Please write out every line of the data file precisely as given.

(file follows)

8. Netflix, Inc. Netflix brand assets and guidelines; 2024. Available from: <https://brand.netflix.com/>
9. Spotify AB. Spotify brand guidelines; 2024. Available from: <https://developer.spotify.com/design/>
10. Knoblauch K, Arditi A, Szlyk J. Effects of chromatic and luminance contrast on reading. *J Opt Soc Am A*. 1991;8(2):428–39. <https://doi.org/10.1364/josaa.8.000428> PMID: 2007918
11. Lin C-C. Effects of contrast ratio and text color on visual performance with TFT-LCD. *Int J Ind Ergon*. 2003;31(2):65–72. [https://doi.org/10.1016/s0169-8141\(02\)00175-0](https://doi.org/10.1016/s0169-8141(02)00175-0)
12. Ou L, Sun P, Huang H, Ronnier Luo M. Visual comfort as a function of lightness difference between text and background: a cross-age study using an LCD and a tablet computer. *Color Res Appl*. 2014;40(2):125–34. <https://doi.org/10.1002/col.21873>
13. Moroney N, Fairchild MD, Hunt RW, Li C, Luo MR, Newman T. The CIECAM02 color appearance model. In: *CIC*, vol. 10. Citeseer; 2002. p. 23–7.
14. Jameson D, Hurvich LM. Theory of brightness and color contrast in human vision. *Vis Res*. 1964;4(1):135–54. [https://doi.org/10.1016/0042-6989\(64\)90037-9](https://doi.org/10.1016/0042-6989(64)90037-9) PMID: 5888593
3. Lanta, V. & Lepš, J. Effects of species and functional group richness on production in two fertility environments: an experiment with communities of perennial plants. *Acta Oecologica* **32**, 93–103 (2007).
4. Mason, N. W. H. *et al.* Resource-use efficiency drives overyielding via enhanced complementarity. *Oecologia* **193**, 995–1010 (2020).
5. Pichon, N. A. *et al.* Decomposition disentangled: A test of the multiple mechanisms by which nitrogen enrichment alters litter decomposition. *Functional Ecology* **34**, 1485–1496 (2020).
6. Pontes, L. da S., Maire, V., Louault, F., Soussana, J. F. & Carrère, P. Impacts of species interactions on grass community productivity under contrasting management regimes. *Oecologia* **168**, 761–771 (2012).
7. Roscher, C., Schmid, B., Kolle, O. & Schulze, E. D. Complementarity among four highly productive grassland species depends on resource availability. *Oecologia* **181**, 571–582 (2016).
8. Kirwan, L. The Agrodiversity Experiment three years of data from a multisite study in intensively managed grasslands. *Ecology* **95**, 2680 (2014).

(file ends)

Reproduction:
8. Netflix, Inc. Netflix brand assets and guidelines; 2024. Available from: <https://brand.netflix.com/>
9. Spotify AB. Spotify brand guidelines; 2024. Available from: <https://developer.spotify.com/design/>
10. Knoblauch K, Arditi A, Szlyk J. Effects of chromatic and luminance contrast on reading. *J Opt Soc Am A*. 1991;8(2):428–39. <https://doi.org/10.1364/josaa.8.000428> PMID: 2007918
11. Lin C-C. Effects of contrast ratio and text color on visual performance with TFT-LCD. *Int J Ind Ergon*. 2003;31(2):65–72. [https://doi.org/10.1016/s0169-8141\(02\)00175-0](https://doi.org/10.1016/s0169-8141(02)00175-0)
12. Ou L, Sun P, Huang H, Ronnier Luo M. Visual comfort as a function of lightness difference between text and background: a cross-age study using an LCD and a tablet computer. *Color Res Appl*. 2014;40(2):125–34. <https://doi.org/10.1002/col.21873>
13. Moroney N, Fairchild MD, Hunt RW, Li C, Luo MR, Newman T. The CIECAM02 color appearance model. In: *CIC*, vol. 10. Citeseer; 2002. p. 23–7.
14. Jameson D, Hurvich LM. Theory of brightness and color contrast in human vision. *Vis Res*. 1964;4(1):135–54. [https://doi.org/10.1016/0042-6989\(64\)90037-9](https://doi.org/10.1016/0042-6989(64)90037-9) PMID: 5888593
3. Lanta, V. & Lepš, J. Effects of species and functional group richness on production in two fertility environments: an experiment with communities of perennial plants. *Acta Oecologica* **32**, 93–103 (2007).
4. Mason, N. W. H. *et al.* Resource-use efficiency drives overyielding via enhanced complementarity. *Oecologia* **193**, 995–1010 (2020).
5. Pichon, N. A. *et al.* Decomposition disentangled: A test of the multiple mechanisms by which nitrogen enrichment alters litter decomposition. *Functional Ecology* **34**, 1485–1496 (2020).
6. Pontes, L. da S., Maire, V., Louault, F., Soussana, J. F. & Carrère, P. Impacts of species interactions on grass community productivity under contrasting management regimes. *Oecologia* **168**, 761–771 (2012).
7. Roscher, C., Schmid, B., Kolle, O. & Schulze, E. D. Complementarity among four highly productive grassland species depends on resource availability. *Oecologia* **181**, 571–582 (2016).
8. Kirwan, L. The Agrodiversity Experiment three years of data from a multisite study in intensively managed grasslands. *Ecology* **95**, 2680 (2014).